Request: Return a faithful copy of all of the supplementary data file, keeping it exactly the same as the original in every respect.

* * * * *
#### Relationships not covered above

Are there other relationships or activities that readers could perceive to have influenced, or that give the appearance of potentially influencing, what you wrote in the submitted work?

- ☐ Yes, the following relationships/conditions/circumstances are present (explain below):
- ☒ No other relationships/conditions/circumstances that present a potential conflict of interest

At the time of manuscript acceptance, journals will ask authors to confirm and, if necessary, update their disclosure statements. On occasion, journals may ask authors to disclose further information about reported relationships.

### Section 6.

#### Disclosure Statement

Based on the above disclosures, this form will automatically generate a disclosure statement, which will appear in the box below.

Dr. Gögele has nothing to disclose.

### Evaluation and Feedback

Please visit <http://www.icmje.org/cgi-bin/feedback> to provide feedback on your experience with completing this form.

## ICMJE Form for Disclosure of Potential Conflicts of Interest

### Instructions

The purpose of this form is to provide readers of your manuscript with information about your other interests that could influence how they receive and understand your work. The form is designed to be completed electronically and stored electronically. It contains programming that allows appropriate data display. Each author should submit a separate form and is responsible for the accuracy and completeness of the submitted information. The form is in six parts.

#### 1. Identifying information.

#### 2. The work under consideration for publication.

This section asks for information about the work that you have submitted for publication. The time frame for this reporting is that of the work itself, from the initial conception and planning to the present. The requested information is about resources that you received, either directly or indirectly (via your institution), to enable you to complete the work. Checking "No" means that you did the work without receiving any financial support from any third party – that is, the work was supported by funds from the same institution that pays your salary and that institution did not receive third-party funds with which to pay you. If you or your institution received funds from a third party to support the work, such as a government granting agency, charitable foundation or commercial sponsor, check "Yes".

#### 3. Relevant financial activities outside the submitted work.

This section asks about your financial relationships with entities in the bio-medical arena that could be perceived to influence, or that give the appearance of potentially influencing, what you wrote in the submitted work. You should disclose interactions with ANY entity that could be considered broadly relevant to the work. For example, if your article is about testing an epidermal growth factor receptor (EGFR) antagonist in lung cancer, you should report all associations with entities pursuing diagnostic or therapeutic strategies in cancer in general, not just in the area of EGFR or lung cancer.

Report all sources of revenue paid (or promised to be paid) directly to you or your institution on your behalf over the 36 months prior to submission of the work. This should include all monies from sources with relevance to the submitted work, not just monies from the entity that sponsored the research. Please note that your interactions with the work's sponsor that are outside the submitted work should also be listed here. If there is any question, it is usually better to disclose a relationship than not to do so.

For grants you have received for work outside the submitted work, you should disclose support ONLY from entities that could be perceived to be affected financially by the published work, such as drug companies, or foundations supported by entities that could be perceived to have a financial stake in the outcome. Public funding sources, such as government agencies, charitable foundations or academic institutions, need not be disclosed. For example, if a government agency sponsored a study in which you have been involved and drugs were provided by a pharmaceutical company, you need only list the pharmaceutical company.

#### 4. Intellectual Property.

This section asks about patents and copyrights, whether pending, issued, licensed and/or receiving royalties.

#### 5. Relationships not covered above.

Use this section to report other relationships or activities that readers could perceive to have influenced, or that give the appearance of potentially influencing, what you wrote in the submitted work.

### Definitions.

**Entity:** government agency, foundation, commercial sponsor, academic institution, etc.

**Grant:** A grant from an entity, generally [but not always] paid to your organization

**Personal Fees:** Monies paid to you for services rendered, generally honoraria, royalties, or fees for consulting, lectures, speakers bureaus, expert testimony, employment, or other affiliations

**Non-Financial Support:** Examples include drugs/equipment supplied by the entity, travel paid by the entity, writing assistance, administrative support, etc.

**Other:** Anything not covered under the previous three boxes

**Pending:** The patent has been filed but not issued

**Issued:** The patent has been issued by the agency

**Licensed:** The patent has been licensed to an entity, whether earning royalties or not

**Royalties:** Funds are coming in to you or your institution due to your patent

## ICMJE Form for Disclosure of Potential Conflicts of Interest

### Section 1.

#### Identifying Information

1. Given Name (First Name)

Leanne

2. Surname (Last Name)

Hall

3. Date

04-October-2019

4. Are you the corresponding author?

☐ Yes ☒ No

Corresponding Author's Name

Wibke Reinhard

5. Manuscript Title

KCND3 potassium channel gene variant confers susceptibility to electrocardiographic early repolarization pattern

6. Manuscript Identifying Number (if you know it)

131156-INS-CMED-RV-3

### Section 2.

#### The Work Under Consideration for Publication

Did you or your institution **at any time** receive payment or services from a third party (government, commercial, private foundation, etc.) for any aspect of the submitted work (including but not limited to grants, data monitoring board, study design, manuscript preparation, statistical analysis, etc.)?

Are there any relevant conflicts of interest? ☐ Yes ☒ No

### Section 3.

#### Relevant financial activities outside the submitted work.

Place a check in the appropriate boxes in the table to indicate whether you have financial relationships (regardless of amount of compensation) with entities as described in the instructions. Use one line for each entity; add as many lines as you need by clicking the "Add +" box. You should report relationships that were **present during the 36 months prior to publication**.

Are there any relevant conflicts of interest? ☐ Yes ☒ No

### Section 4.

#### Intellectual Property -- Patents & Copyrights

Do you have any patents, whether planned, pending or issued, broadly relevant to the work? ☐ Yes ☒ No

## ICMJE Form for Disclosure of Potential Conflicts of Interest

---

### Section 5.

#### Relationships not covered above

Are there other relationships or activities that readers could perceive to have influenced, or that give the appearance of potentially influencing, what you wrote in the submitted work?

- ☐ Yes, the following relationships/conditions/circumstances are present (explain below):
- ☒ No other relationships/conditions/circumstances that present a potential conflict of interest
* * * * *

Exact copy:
#### Relationships not covered above

Are there other relationships or activities that readers could perceive to have influenced, or that give the appearance of potentially influencing, what you wrote in the submitted work?

- ☐ Yes, the following relationships/conditions/circumstances are present (explain below):
- ☒ No other relationships/conditions/circumstances that present a potential conflict of interest

At the time of manuscript acceptance, journals will ask authors to confirm and, if necessary, update their disclosure statements. On occasion, journals may ask authors to disclose further information about reported relationships.

### Section 6.

#### Disclosure Statement

Based on the above disclosures, this form will automatically generate a disclosure statement, which will appear in the box below.

Dr. Gögele has nothing to disclose.

### Evaluation and Feedback

Please visit <http://www.icmje.org/cgi-bin/feedback> to provide feedback on your experience with completing this form.

## ICMJE Form for Disclosure of Potential Conflicts of Interest

### Instructions

The purpose of this form is to provide readers of your manuscript with information about your other interests that could influence how they receive and understand your work. The form is designed to be completed electronically and stored electronically. It contains programming that allows appropriate data display. Each author should submit a separate form and is responsible for the accuracy and completeness of the submitted information. The form is in six parts.

#### 1. Identifying information.

#### 2. The work under consideration for publication.

This section asks for information about the work that you have submitted for publication. The time frame for this reporting is that of the work itself, from the initial conception and planning to the present. The requested information is about resources that you received, either directly or indirectly (via your institution), to enable you to complete the work. Checking "No" means that you did the work without receiving any financial support from any third party – that is, the work was supported by funds from the same institution that pays your salary and that institution did not receive third-party funds with which to pay you. If you or your institution received funds from a third party to support the work, such as a government granting agency, charitable foundation or commercial sponsor, check "Yes".

#### 3. Relevant financial activities outside the submitted work.

This section asks about your financial relationships with entities in the bio-medical arena that could be perceived to influence, or that give the appearance of potentially influencing, what you wrote in the submitted work. You should disclose interactions with ANY entity that could be considered broadly relevant to the work. For example, if your article is about testing an epidermal growth factor receptor (EGFR) antagonist in lung cancer, you should report all associations with entities pursuing diagnostic or therapeutic strategies in cancer in general, not just in the area of EGFR or lung cancer.

Report all sources of revenue paid (or promised to be paid) directly to you or your institution on your behalf over the 36 months prior to submission of the work. This should include all monies from sources with relevance to the submitted work, not just monies from the entity that sponsored the research. Please note that your interactions with the work's sponsor that are outside the submitted work should also be listed here. If there is any question, it is usually better to disclose a relationship than not to do so.

For grants you have received for work outside the submitted work, you should disclose support ONLY from entities that could be perceived to be affected financially by the published work, such as drug companies, or foundations supported by entities that could be perceived to have a financial stake in the outcome. Public funding sources, such as government agencies, charitable foundations or academic institutions, need not be disclosed. For example, if a government agency sponsored a study in which you have been involved and drugs were provided by a pharmaceutical company, you need only list the pharmaceutical company.

#### 4. Intellectual Property.

This section asks about patents and copyrights, whether pending, issued, licensed and/or receiving royalties.

#### 5. Relationships not covered above.

Use this section to report other relationships or activities that readers could perceive to have influenced, or that give the appearance of potentially influencing, what you wrote in the submitted work.

### Definitions.

**Entity:** government agency, foundation, commercial sponsor, academic institution, etc.

**Grant:** A grant from an entity, generally [but not always] paid to your organization

**Personal Fees:** Monies paid to you for services rendered, generally honoraria, royalties, or fees for consulting, lectures, speakers bureaus, expert testimony, employment, or other affiliations

**Non-Financial Support:** Examples include drugs/equipment supplied by the entity, travel paid by the entity, writing assistance, administrative support, etc.

**Other:** Anything not covered under the previous three boxes

**Pending:** The patent has been filed but not issued

**Issued:** The patent has been issued by the agency

**Licensed:** The patent has been licensed to an entity, whether earning royalties or not

**Royalties:** Funds are coming in to you or your institution due to your patent

## ICMJE Form for Disclosure of Potential Conflicts of Interest

### Section 1.

#### Identifying Information

1. Given Name (First Name)

Leanne

2. Surname (Last Name)

Hall

3. Date

04-October-2019

4. Are you the corresponding author?

☐ Yes ☒ No

Corresponding Author's Name

Wibke Reinhard

5. Manuscript Title

KCND3 potassium channel gene variant confers susceptibility to electrocardiographic early repolarization pattern

6. Manuscript Identifying Number (if you know it)

131156-INS-CMED-RV-3

### Section 2.

#### The Work Under Consideration for Publication

Did you or your institution **at any time** receive payment or services from a third party (government, commercial, private foundation, etc.) for any aspect of the submitted work (including but not limited to grants, data monitoring board, study design, manuscript preparation, statistical analysis, etc.)?

Are there any relevant conflicts of interest? ☐ Yes ☒ No

### Section 3.

#### Relevant financial activities outside the submitted work.

Place a check in the appropriate boxes in the table to indicate whether you have financial relationships (regardless of amount of compensation) with entities as described in the instructions. Use one line for each entity; add as many lines as you need by clicking the "Add +" box. You should report relationships that were **present during the 36 months prior to publication**.

Are there any relevant conflicts of interest? ☐ Yes ☒ No

### Section 4.

#### Intellectual Property -- Patents & Copyrights

Do you have any patents, whether planned, pending or issued, broadly relevant to the work? ☐ Yes ☒ No

## ICMJE Form for Disclosure of Potential Conflicts of Interest

---

### Section 5.

#### Relationships not covered above

Are there other relationships or activities that readers could perceive to have influenced, or that give the appearance of potentially influencing, what you wrote in the submitted work?

- ☐ Yes, the following relationships/conditions/circumstances are present (explain below):
- ☒ No other relationships/conditions/circumstances that present a potential conflict of interest